The QAM phenomenon is observed near (though not exactly at) values of \(\tau\) where the KR resonates . That means the system is in a deeply quantum regime, which excludes that QAM may have a classical origin; indeed no counterpart for them is to be found in the classical mechanics corresponding to (2). Their explanation nevertheless rests on the observation, that near a KR resonance the system behaves remarkably close to a classical dynamical system, which is unrelated to the true classical limit. This "pseudoclassical" limit is derived as follows (Fishman et al 2003). The gravitational potential in (2) breaks spatial periodicity, which is restored by a gauge transformation, that amounts to measuring momentum in a free-falling frame. The resulting Hamiltonian is: \[\tag{3} \hat H_g(t)=\frac12(\hat P-\frac{\eta}{\tau}t)^2+k\cos(\hat X)\sum\limits_{n=-\infty}^{+\infty}\delta(t-n\tau) \] This Hamiltonian is space-periodic, so quasi-momentum is conserved, and Bloch reduction from particle dynamics to rotor dynamics can be performed. If a value \(\beta\) of the quasi-momentum is fixed, then the unitary rotor evolution from immediately after a kick to immediately after the next kick can be written in the form (Fishman et al 2003): \[\tag{4} \hat U(t)=\exp\left(-ik\cos(\theta)\right)\exp\left(-i\frac{\tau}2(\hat N+\beta-\eta\tau t-\eta/2)^2\right) \] where \(t\) is now an integer time variable, that counts the kicks; moreover, \(\theta=X\)mod\((2\pi)\), and \(\hat N=-i\tfrac d{d\theta}\). This evolution is different from that of the quantum KR, due to the reshuffling of phases due to gravity. Indeed dynamical localization is removed and diffusive momentum growth is observed at long-times. At short times, however, ballistic growth may occur. This is precisely due to the QAM effect and is observed near the quantum KR resonances. These occur when \(\tau=2\pi l/m\) with \(l,m\) integers. The main resonances correspond to \(m=1\). Near a main resonance let \(\tau=2\pi l+\epsilon\) with \(|\epsilon|\ll 1\); and define \(\tilde k=k|\epsilon|\), \(\hat I=\hat N\epsilon\). Then \[ \tag{5} \hat U(t)=\exp\left(-\frac{i}{|\epsilon|}\tilde k\cos(\theta)\right)\exp\left(-\frac{i}{|\epsilon|}\cal H_{\beta}(\hat I,t)\right)\;, \] where \[\tag{6} \cal H_{\beta}(\hat I,t)=\frac12\; \operatorname{sign}(\epsilon)\hat I^2+\hat I\left(\pi l+\tau\beta-t\eta\tau-\tau\eta/2\right)\;. \] In eq.(5), \(|\epsilon|\) plays the formal role of a Planck's constant, and (5) can be seen as the formal quantization of a classical map in the (pseudo)-classical canonical variables \(\theta\) and \(I\), using \(|\epsilon|\) as the Planck constant. This pseudo-classical map is time-dependent, because so is \({\cal H}_{\beta}\). To remove time dependence one can implement a time-dependent change of variables from \(I\) to \(J=I\pm\pi l\pm \tau(\beta-\eta t-\eta/2)\), finally leading to the map: \[ \tag{7} J_{t+1}=J_t+\tilde k\sin(\theta_{t+1})\pm 2\pi\Omega\;,\\ \theta_{t+1}=\theta_t\pm J_t\;. \]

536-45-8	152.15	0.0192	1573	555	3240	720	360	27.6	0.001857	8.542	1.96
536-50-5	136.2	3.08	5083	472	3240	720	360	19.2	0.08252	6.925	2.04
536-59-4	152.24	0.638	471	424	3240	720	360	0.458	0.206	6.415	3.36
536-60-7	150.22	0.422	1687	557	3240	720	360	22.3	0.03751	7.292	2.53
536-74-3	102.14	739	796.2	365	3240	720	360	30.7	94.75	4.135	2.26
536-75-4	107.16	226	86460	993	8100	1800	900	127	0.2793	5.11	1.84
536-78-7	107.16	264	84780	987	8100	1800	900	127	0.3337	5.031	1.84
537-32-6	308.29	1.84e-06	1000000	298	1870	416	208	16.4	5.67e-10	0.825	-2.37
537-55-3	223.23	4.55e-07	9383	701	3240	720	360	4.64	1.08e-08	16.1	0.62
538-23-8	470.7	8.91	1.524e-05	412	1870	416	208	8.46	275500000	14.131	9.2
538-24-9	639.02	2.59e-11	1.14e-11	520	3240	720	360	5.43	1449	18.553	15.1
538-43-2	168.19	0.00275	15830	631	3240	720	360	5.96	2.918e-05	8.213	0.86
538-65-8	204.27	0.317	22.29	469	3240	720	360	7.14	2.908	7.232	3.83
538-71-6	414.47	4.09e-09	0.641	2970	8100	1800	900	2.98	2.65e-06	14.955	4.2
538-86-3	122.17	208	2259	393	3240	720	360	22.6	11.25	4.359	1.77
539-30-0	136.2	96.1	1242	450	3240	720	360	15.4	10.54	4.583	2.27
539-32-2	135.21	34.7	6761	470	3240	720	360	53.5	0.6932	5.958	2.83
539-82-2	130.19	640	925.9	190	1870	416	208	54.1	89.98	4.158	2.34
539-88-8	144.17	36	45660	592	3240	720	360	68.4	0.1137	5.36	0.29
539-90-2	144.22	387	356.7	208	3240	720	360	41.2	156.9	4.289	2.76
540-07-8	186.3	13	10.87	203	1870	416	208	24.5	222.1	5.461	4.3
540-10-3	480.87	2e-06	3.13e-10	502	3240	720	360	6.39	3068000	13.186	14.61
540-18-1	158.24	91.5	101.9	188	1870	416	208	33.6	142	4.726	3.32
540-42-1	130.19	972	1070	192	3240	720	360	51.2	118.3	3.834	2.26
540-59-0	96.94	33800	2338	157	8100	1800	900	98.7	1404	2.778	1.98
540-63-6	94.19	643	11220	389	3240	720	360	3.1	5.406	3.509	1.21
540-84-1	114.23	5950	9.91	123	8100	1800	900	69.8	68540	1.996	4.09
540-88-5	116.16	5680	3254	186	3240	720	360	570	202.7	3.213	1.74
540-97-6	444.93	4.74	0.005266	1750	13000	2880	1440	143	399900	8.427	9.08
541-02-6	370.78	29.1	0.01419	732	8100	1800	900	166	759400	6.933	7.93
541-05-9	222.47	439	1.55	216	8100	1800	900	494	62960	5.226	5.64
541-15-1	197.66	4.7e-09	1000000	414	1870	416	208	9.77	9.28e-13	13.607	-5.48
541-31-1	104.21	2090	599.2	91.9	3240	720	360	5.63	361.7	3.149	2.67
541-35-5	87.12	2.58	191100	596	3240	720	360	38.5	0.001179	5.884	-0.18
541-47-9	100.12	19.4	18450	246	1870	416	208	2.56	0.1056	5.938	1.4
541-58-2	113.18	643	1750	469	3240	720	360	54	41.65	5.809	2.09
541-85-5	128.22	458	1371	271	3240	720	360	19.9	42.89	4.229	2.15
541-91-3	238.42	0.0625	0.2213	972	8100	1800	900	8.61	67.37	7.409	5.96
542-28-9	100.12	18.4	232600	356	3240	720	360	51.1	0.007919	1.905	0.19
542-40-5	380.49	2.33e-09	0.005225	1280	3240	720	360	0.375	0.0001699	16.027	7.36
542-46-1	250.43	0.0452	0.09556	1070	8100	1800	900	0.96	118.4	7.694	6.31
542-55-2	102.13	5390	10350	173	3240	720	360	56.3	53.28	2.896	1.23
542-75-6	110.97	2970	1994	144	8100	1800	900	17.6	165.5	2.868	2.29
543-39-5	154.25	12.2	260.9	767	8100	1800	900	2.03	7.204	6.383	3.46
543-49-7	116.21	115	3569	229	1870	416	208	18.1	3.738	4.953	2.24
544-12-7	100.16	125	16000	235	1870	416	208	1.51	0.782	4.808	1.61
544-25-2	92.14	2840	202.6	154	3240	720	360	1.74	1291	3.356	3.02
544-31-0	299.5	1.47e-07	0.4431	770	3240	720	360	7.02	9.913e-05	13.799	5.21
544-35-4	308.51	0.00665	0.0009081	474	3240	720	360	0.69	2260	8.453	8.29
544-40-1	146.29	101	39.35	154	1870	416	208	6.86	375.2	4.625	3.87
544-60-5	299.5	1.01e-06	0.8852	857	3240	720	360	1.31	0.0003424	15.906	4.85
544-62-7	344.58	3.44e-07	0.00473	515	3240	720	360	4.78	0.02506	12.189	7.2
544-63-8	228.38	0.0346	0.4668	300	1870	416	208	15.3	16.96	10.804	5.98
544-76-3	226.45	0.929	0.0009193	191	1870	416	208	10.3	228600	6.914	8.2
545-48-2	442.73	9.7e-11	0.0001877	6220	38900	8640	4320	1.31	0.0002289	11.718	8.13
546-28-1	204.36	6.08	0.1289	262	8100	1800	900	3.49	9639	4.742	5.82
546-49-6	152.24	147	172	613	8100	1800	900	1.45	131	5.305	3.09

where the sign \(\pm\) has to be chosen according to the sign of \(\epsilon\) and \(\Omega=\eta\tau/2\pi\) is the gravity acceleration, when space and time are measured in units of the spatial period of the kicks and of the kicking period respectively.